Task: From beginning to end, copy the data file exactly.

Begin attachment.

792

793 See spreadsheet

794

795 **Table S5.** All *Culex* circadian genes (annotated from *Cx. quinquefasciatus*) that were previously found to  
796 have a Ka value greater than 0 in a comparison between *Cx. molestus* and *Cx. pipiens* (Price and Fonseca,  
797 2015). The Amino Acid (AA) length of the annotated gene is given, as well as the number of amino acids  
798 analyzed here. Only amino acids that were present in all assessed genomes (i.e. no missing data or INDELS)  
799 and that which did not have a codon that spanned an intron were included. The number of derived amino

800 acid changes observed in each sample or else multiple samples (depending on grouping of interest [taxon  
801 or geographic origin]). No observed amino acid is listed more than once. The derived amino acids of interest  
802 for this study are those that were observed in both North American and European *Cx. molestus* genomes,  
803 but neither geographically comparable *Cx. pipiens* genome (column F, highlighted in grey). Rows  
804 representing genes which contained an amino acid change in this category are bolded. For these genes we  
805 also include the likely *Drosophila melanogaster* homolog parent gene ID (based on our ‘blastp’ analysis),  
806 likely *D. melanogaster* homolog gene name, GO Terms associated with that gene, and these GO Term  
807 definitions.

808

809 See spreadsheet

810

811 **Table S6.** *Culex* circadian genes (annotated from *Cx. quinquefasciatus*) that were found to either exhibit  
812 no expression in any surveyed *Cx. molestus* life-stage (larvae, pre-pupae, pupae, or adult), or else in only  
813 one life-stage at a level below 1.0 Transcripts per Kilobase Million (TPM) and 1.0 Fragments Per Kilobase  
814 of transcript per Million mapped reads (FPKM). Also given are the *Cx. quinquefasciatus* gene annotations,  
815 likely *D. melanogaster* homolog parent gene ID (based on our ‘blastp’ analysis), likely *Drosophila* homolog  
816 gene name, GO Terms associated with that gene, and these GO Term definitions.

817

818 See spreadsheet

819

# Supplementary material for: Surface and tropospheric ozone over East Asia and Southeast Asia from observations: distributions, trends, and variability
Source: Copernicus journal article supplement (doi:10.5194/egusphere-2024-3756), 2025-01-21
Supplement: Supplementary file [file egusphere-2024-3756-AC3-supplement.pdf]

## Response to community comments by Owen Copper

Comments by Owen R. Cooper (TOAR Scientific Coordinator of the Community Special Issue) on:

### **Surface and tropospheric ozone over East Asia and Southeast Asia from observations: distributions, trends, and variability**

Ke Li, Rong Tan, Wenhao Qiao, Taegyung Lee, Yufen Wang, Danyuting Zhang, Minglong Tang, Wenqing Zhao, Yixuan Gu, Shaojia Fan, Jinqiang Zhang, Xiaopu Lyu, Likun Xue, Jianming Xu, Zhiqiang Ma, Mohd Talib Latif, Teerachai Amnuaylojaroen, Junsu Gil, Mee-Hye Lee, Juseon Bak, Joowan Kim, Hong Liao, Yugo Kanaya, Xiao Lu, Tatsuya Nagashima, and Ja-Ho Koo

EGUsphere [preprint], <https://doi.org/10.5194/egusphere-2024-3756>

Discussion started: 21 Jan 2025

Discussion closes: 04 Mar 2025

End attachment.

792

793 See spreadsheet

794

795 **Table S5.** All *Culex* circadian genes (annotated from *Cx. quinquefasciatus*) that were previously found to  
796 have a Ka value greater than 0 in a comparison between *Cx. molestus* and *Cx. pipiens* (Price and Fonseca,  
797 2015). The Amino Acid (AA) length of the annotated gene is given, as well as the number of amino acids  
798 analyzed here. Only amino acids that were present in all assessed genomes (i.e. no missing data or INDELS)  
799 and that which did not have a codon that spanned an intron were included. The number of derived amino

800 acid changes observed in each sample or else multiple samples (depending on grouping of interest [taxon  
801 or geographic origin]). No observed amino acid is listed more than once. The derived amino acids of interest  
802 for this study are those that were observed in both North American and European *Cx. molestus* genomes,  
803 but neither geographically comparable *Cx. pipiens* genome (column F, highlighted in grey). Rows  
804 representing genes which contained an amino acid change in this category are bolded. For these genes we  
805 also include the likely *Drosophila melanogaster* homolog parent gene ID (based on our ‘blastp’ analysis),  
806 likely *D. melanogaster* homolog gene name, GO Terms associated with that gene, and these GO Term  
807 definitions.

808

809 See spreadsheet

810

811 **Table S6.** *Culex* circadian genes (annotated from *Cx. quinquefasciatus*) that were found to either exhibit  
812 no expression in any surveyed *Cx. molestus* life-stage (larvae, pre-pupae, pupae, or adult), or else in only  
813 one life-stage at a level below 1.0 Transcripts per Kilobase Million (TPM) and 1.0 Fragments Per Kilobase  
814 of transcript per Million mapped reads (FPKM). Also given are the *Cx. quinquefasciatus* gene annotations,  
815 likely *D. melanogaster* homolog parent gene ID (based on our ‘blastp’ analysis), likely *Drosophila* homolog  
816 gene name, GO Terms associated with that gene, and these GO Term definitions.

817

818 See spreadsheet

819

# Supplementary material for: Surface and tropospheric ozone over East Asia and Southeast Asia from observations: distributions, trends, and variability
Source: Copernicus journal article supplement (doi:10.5194/egusphere-2024-3756), 2025-01-21
Supplement: Supplementary file [file egusphere-2024-3756-AC3-supplement.pdf]

## Response to community comments by Owen Copper

Comments by Owen R. Cooper (TOAR Scientific Coordinator of the Community Special Issue) on:

### **Surface and tropospheric ozone over East Asia and Southeast Asia from observations: distributions, trends, and variability**

Ke Li, Rong Tan, Wenhao Qiao, Taegyung Lee, Yufen Wang, Danyuting Zhang, Minglong Tang, Wenqing Zhao, Yixuan Gu, Shaojia Fan, Jinqiang Zhang, Xiaopu Lyu, Likun Xue, Jianming Xu, Zhiqiang Ma, Mohd Talib Latif, Teerachai Amnuaylojaroen, Junsu Gil, Mee-Hye Lee, Juseon Bak, Joowan Kim, Hong Liao, Yugo Kanaya, Xiao Lu, Tatsuya Nagashima, and Ja-Ho Koo

EGUsphere [preprint], <https://doi.org/10.5194/egusphere-2024-3756>

Discussion started: 21 Jan 2025

Discussion closes: 04 Mar 2025